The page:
“El Dinosaurio” by Augusto Monterroso
Cuando despertó, el dinosaurio todavía estaba allí.
That, right up there in italics, is the world’s shortest story.
When one thinks of writing a story, a short story, or any story whatsoever, we probably do not think of the above.
If we were to write those words, in that order, all of a sudden, we probably would just consider it the first part of something, a sentence that is neither here nor there, maybe even a possible ending. But, a full story? In just ~66 characters?
Now, I would like you to consider this: Was Monterroso able to create this short story, a complete short story in 10 words, because the cultural context had developed in such a way that it was accepted by its peers as a short story? Had this story been written by, say, Shakespeare, do you think it would have counted as a short story? What if it had been written by an old Babylonian priest? (Assuming that a Babylonian priest would know what a dinosaur is/was or maybe substituting the word dinosaur by lizard or alligator or some other animal known to such hypothetical priest)
My own, personal, answer is… I don’t know.
One possible way to view reality is via semiotics: the current state of affairs that we call the world is composed of a series of symbols whose meanings change constantly, via paradigm shifts – I am totally abusing Kuhn’s original interpretation – the old symbols being replaced by new ones, and probably becoming a mystery to us, in other words the whole signifier/signified/sign/symbol thing.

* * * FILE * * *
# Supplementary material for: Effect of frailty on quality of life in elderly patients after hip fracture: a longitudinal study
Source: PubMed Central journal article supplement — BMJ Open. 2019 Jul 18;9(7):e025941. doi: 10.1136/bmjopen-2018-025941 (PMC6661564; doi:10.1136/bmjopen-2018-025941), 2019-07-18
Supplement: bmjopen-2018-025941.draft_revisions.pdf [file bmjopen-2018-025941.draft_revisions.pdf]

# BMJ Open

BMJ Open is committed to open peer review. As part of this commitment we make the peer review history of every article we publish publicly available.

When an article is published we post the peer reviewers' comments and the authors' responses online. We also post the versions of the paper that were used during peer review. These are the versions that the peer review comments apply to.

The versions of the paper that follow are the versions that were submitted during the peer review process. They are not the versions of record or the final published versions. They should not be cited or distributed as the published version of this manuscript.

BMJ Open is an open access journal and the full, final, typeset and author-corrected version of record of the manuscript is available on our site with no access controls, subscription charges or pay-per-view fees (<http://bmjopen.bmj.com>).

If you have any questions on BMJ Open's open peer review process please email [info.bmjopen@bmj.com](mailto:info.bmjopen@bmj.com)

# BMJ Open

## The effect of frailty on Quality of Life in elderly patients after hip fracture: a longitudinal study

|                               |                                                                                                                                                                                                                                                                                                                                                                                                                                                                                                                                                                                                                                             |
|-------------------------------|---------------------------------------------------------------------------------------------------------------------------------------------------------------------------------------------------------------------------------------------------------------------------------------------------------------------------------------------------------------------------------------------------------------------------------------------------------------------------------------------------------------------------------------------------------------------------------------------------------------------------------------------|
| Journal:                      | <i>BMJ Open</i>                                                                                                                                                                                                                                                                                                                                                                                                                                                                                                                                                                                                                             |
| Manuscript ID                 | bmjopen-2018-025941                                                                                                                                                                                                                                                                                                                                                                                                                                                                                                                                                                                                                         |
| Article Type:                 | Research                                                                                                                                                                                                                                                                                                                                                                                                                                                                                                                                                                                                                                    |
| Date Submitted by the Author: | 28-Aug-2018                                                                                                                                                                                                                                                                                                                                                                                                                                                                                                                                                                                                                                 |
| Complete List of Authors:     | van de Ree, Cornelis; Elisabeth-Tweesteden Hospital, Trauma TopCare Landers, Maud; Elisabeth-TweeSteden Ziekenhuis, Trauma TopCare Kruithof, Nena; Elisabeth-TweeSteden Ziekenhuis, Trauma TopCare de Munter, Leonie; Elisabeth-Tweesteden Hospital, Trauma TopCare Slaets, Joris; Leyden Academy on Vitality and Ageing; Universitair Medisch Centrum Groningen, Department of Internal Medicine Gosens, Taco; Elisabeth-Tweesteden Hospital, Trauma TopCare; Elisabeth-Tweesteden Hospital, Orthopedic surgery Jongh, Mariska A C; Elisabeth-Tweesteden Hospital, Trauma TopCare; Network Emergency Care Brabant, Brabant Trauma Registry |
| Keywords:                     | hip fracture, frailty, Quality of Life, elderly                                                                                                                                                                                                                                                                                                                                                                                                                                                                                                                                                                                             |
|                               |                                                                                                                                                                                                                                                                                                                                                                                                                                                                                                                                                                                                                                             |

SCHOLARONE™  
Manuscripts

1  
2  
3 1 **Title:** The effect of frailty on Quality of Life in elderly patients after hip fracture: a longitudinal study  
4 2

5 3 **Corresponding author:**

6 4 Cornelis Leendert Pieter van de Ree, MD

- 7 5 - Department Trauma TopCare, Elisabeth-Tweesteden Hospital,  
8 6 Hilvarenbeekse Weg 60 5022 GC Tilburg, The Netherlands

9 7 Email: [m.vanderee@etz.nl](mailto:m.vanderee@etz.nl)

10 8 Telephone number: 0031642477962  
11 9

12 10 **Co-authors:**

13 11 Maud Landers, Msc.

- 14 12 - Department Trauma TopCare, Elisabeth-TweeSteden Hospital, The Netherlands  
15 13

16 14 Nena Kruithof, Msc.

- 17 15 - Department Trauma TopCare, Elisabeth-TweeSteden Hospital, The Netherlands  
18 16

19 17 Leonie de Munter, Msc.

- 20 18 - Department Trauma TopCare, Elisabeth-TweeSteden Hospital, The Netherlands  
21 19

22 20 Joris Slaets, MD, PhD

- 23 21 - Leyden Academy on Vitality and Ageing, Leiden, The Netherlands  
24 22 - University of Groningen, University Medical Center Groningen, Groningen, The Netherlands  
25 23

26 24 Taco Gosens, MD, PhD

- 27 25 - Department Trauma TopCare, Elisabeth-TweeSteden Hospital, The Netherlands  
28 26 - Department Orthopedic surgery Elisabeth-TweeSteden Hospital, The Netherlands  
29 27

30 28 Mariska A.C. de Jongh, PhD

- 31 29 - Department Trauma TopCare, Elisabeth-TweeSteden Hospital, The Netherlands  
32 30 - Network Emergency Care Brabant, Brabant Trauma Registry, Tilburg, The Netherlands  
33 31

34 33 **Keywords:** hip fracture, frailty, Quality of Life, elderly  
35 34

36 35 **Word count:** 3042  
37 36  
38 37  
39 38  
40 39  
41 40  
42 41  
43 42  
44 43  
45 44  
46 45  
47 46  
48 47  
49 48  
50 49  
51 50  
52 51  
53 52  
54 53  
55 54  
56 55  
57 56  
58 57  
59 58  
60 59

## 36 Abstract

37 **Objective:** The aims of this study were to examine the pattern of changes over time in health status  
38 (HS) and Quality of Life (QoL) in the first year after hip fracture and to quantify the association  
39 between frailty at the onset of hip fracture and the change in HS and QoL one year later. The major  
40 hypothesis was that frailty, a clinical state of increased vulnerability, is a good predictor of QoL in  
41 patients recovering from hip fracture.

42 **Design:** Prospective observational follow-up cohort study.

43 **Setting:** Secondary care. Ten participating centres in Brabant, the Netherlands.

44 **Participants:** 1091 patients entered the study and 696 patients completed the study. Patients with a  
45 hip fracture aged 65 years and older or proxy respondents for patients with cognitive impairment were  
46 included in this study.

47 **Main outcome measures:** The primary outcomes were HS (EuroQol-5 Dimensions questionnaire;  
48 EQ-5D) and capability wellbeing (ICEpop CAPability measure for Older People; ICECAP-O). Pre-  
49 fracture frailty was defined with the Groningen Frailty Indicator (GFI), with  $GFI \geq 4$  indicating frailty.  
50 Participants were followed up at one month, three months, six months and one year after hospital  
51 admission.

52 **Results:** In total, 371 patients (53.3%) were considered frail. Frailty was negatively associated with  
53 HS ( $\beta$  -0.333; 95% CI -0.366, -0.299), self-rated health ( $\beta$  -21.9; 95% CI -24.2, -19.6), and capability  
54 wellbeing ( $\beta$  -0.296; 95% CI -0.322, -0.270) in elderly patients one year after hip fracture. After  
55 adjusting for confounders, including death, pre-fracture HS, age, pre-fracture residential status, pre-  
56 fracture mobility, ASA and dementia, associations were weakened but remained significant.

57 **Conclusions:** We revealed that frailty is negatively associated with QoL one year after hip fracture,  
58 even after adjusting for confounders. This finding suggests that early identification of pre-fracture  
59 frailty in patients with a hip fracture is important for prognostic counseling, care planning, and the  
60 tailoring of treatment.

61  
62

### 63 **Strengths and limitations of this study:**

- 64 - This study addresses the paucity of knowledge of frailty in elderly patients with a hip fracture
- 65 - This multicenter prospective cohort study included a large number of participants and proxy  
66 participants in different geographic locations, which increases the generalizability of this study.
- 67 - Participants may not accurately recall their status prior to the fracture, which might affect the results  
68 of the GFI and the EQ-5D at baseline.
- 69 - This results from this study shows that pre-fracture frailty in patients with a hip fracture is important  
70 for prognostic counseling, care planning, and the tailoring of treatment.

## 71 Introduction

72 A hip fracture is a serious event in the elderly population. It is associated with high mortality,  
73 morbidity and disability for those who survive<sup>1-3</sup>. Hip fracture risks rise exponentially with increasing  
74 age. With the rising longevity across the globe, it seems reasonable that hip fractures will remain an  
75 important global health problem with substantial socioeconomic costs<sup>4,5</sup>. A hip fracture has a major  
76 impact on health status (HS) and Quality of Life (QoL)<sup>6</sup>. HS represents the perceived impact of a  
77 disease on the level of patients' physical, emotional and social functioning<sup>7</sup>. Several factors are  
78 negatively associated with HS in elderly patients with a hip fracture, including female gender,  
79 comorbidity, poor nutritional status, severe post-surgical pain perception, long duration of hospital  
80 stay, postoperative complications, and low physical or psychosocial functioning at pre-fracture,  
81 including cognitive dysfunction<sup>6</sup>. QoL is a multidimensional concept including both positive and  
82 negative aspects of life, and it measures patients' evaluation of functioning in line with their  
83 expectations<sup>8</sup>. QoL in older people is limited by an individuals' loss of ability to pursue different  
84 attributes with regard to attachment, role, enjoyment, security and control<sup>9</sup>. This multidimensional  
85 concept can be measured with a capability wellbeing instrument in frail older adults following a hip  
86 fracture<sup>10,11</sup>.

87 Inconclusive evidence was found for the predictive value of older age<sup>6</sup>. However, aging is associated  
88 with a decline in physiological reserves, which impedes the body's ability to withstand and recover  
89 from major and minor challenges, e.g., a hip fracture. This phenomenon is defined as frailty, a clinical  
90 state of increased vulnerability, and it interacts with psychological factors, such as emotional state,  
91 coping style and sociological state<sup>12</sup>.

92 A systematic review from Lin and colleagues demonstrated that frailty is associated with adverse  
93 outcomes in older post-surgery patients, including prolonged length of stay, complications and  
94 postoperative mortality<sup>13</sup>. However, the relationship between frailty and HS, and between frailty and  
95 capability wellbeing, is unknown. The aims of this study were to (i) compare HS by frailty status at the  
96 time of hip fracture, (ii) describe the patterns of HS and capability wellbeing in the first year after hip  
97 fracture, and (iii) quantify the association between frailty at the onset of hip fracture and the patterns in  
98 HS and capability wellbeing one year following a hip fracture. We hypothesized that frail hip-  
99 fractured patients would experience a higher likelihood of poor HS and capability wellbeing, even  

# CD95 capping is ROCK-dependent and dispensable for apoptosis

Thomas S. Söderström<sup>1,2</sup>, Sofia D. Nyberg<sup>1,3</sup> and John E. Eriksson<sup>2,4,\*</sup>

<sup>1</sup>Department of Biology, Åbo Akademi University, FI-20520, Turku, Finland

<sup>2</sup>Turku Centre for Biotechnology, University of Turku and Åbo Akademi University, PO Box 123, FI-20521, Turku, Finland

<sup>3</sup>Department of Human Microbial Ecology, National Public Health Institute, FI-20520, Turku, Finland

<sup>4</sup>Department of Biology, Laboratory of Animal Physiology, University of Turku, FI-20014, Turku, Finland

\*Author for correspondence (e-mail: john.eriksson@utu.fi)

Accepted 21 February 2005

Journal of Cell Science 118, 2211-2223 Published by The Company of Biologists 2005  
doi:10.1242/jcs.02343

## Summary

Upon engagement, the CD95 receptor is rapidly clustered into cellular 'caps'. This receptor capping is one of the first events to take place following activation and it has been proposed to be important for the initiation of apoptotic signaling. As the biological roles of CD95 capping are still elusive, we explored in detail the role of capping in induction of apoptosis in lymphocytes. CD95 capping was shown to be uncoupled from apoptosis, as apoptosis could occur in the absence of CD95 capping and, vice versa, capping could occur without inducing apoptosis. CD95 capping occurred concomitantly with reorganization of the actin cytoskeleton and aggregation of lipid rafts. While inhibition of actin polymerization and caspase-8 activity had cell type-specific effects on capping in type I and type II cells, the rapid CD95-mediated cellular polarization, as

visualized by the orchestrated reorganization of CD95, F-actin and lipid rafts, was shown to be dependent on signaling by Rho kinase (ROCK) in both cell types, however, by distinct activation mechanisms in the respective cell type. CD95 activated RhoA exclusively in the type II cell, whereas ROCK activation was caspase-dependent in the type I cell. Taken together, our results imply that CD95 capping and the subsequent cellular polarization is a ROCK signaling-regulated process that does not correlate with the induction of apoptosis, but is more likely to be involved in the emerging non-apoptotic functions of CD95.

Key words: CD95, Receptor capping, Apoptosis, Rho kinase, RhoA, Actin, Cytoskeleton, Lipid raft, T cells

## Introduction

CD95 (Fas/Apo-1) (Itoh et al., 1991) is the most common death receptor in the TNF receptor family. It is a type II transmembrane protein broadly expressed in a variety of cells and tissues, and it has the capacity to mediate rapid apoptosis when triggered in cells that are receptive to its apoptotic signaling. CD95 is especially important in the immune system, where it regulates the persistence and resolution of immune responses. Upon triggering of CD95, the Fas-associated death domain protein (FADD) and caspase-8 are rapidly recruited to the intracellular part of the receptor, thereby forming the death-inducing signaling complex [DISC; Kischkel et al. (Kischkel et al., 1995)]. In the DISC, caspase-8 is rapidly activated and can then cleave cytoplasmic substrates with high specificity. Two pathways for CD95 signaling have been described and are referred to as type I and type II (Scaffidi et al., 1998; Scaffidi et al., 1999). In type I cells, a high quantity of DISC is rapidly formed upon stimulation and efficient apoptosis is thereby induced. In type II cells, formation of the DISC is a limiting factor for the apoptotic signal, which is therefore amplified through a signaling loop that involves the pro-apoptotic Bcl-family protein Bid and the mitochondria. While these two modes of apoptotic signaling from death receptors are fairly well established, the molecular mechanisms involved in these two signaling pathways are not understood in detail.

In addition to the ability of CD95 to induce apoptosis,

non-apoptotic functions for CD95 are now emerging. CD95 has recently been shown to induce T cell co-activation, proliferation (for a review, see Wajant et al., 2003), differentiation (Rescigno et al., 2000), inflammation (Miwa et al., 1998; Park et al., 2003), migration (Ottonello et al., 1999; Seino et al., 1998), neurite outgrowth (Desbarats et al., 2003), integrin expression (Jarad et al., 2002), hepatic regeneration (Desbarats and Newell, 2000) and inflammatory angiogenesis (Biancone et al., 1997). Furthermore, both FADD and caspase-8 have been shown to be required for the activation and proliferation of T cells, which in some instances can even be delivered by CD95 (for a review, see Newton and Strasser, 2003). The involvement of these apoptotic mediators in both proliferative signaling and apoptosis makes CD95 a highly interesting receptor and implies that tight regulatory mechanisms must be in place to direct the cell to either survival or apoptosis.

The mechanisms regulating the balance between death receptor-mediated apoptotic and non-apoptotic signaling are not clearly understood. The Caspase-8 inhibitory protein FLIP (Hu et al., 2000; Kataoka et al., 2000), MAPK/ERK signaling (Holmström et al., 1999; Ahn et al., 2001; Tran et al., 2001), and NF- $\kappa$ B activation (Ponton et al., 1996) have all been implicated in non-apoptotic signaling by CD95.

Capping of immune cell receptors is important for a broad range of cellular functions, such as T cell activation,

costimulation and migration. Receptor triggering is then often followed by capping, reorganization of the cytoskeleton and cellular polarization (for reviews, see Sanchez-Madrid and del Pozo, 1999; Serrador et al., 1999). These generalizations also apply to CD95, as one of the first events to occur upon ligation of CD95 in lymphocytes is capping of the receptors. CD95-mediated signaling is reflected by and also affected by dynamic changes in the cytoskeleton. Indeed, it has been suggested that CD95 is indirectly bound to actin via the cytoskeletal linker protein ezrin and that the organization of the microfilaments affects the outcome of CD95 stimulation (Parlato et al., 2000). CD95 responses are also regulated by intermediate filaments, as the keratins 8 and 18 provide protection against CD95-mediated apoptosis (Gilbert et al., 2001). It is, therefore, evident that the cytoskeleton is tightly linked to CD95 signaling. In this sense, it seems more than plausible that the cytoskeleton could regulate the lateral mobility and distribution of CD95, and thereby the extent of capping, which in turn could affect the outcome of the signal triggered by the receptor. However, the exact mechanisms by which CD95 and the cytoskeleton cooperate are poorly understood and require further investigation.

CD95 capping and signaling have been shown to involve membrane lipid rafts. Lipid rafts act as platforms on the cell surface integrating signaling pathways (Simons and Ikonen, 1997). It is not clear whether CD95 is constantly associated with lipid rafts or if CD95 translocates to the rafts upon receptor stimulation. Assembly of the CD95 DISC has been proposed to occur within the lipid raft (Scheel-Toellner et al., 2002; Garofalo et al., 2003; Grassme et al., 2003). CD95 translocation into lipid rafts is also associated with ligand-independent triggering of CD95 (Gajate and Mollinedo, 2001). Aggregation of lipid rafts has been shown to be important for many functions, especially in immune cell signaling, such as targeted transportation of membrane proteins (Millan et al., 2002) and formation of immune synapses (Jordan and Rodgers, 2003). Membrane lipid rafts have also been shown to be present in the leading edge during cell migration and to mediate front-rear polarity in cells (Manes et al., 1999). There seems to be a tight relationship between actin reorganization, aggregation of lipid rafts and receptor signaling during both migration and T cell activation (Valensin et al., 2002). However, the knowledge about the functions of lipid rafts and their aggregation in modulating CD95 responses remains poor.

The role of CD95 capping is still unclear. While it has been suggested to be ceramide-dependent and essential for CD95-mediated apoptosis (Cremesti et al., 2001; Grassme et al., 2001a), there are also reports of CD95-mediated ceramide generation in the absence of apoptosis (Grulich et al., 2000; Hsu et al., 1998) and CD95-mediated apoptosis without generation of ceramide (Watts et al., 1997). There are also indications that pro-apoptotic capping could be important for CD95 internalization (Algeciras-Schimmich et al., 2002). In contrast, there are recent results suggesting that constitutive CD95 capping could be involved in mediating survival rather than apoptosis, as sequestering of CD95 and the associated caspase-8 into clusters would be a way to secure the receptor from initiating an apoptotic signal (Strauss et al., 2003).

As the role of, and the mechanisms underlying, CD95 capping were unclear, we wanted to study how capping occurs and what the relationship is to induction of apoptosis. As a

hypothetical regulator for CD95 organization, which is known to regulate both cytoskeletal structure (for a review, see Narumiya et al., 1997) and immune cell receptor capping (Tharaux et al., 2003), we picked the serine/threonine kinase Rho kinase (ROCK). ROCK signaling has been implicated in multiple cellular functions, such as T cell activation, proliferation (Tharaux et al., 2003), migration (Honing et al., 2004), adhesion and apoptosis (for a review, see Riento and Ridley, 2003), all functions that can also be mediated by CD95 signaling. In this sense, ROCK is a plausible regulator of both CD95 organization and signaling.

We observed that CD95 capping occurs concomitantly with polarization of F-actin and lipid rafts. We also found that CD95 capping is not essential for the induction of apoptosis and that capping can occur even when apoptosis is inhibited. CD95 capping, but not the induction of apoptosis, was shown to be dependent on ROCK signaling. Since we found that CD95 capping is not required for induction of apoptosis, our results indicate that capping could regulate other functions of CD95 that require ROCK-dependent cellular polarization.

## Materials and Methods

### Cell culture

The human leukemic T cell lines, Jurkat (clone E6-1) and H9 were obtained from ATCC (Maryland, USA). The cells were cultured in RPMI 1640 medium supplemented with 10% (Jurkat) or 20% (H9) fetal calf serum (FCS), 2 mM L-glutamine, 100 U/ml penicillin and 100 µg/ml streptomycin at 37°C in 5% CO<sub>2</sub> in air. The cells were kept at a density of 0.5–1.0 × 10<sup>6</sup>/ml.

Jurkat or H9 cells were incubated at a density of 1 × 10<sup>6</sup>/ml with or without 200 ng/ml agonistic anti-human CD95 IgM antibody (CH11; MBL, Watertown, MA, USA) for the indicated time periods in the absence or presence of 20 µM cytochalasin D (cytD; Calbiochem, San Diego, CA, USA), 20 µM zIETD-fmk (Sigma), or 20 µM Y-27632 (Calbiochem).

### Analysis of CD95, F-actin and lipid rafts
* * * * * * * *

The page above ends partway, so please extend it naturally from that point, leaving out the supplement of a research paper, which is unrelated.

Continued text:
I can always play around with the idea that I understand what Leibniz, or Mercator for that matter, meant by infinitesimals, but my mental constructs are already “infected” with other parasites that make the – original – concept of infinitesimals nothing more than philosophical ramblings. I cannot change this. (See also limit)
Now, I am not saying that it is not possible, all I am saying is that through my experience I have found that it is impossible for me to exactly know what was meant by infinitesimal in Leibniz’s time. What I think I am trying to say is that his contemporaries might have had a clearer grasp of what the concept meant for Leibniz himself than we will ever have. The accumulation of – more accurate, more precise – concepts via science – and, by all means, science is awesome – has created a context that permeates everything else. No way to go back really.
Can you think of a way?